Interactive narrative(s)

What’s the story with interactive narrative?

First of all, I believe it should have an ‘s’ i.e. ‘interactive narratives’ as there isn’t really a single ‘thing’ that is an interactive narrative. Also there are many different takes and theories on what interactive narratives are, which are also narratives in themselves, so making it plural serves multiple purposes.

Second, to explore what IN includes and to examine the state of the art in theory and practice, the following book is a good primer:
Hartmut Koenitz / Gabriele Ferri / Mads Haahr / Digdem Sezen / Tonguc Ibrahim Sezen (Eds.): Interactive Digital Narrative: History, Theory and Practice. New York: Routledge 2015 (= Routledge Studies in European Communication Research and Design 7

My review of it was published by Diegesis: Interdisciplinary E-Journal for Narrative Research in 2016 – here’s an excerpt :

“The history of IDN reflects 25 years of rapid technological change problematised by the tensions between technological determinism and social construction of the technologies involved in producing interactive digital narratives. Have the rapidly changing platforms and structures of digital media shaped the narratives being produced and consumed? Has IDN been able to evolve at a pace that allows for reflection and critique where researchers and producers benefit from accumulated knowledge and expertise in narrative creation? The first two essays in the book coolly illustrate the histories of two very different progenitors of IDN, hypertext fiction (by Scott Rettberg) and interactive cinema (by Chris Hales), as providing the basis for experimentation in narrative structure and reception that accelerated with the advance of digital media. However, in the third essay, Noam Knoller and Udie Ben-Arie argue more heatedly that the advance through different contextual ‘dispositifs’ has undermined relations between author and audience, offering a dystopian view of what ubiquitous and pervasive media could do to narrative structure.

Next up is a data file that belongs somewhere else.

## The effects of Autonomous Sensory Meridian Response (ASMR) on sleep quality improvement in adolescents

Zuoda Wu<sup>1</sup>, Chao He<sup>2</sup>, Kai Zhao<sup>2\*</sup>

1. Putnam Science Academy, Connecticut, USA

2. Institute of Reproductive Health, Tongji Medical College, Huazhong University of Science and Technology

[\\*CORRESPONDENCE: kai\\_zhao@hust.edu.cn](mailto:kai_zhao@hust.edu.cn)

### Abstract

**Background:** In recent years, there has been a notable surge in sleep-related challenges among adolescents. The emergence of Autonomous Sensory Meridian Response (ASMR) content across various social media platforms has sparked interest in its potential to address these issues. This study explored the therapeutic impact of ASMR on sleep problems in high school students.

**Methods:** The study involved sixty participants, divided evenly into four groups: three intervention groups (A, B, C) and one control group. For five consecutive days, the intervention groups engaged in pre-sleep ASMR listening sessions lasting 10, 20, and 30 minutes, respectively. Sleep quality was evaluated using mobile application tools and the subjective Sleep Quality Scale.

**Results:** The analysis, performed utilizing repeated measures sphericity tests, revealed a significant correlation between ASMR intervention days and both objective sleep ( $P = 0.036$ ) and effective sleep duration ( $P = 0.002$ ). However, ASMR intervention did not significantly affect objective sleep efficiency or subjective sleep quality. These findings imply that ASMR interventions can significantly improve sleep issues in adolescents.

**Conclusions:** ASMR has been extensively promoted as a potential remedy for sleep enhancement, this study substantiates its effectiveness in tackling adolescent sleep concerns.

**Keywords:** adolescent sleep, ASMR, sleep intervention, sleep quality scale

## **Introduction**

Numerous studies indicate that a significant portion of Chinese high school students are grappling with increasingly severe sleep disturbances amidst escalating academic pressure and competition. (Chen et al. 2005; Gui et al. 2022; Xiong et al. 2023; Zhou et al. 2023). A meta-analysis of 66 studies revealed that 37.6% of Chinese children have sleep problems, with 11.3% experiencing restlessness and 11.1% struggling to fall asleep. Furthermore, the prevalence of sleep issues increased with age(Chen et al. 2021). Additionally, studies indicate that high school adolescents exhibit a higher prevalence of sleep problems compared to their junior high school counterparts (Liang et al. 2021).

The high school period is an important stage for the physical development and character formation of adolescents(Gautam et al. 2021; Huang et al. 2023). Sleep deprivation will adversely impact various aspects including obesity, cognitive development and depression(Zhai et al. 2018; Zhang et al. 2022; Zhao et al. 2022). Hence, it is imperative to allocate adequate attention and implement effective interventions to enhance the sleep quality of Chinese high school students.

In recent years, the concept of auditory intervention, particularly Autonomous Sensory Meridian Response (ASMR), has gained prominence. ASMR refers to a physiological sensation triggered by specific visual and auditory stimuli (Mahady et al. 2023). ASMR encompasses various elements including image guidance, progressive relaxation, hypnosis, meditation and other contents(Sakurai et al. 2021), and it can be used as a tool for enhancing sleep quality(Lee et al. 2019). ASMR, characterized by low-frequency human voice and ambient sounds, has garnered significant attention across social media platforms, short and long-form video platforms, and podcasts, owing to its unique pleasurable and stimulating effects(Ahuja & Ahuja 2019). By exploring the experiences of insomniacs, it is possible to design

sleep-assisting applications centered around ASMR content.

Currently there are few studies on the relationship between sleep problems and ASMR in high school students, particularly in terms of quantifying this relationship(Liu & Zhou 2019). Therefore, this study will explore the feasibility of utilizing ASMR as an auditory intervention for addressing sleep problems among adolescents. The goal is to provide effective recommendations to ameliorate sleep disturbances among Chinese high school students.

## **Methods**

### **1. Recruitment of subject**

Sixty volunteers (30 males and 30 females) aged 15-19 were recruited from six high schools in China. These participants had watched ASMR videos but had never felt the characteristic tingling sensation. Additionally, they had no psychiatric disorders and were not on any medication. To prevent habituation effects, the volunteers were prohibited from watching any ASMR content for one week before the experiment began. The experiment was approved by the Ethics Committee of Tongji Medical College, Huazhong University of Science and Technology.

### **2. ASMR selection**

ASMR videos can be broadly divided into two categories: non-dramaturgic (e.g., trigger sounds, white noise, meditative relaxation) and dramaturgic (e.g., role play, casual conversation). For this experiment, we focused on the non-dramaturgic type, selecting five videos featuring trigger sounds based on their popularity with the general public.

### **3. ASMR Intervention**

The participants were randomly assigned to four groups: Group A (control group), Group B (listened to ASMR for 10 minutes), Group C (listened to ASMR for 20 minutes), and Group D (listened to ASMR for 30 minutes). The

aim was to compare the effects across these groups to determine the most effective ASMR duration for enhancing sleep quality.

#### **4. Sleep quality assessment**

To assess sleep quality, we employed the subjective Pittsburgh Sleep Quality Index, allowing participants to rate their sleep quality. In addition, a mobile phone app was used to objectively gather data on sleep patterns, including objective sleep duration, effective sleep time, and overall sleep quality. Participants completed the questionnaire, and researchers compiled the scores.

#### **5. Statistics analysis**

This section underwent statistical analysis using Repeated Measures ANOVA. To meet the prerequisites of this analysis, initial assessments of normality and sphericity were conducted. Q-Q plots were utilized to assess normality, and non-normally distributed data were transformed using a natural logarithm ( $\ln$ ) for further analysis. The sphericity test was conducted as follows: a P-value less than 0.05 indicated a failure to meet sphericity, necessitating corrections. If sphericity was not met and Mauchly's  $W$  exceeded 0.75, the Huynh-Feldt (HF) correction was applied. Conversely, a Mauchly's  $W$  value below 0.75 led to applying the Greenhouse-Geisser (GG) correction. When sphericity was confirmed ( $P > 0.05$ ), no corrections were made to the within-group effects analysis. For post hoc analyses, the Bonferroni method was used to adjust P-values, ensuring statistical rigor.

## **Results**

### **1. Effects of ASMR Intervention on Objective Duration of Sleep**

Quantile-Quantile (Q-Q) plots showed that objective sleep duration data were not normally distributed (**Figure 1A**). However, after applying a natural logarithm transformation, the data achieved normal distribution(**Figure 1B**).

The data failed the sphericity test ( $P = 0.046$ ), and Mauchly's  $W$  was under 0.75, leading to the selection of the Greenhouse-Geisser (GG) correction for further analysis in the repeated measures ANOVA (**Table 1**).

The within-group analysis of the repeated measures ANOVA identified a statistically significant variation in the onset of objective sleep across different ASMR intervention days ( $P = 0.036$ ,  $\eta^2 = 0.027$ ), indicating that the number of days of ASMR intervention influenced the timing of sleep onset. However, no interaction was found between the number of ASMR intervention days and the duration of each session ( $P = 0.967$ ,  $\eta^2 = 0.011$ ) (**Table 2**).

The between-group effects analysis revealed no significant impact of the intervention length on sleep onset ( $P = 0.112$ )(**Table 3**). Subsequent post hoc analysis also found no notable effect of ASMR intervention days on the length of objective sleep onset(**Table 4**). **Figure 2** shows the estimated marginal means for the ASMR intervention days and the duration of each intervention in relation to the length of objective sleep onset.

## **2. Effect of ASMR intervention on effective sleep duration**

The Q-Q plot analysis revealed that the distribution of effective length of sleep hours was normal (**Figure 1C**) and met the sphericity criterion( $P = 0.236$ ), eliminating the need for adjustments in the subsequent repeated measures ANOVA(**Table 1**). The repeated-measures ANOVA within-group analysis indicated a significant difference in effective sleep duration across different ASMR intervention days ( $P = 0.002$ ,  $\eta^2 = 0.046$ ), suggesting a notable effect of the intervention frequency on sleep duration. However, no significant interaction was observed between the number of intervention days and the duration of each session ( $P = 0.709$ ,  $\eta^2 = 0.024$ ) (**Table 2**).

This conflictive vision for the future sets the tone for an unsettled tour through the ‘theory’ and ‘practice’ sections in the rest of the book. Indeed, the three-strand outline belies the fact that several essays successfully mix perspectives. For example, prominent narratologist Marie-Laure Ryan merges history and theory in a useful analysis of how space and place are experienced differently in digital and non-IDN narratives, while Mads Haahr offers a history of practice in a highly pragmatic account of location-based media. Like the subject of IDN itself, the book structure allows for and rewards non-linear reading, encouraging readers to follow threads that link contributions in one section to another. For example, Rettberg’s two contributions to the ‘history’ and ‘practice’ sections read as a complementary pair outlining a chronological account of hypertext fictional genres but also revealing a self-conscious literary form where IDN ‘authors’ experiment with structures that depict and comment on the unfolding history of IDN at the same time.”

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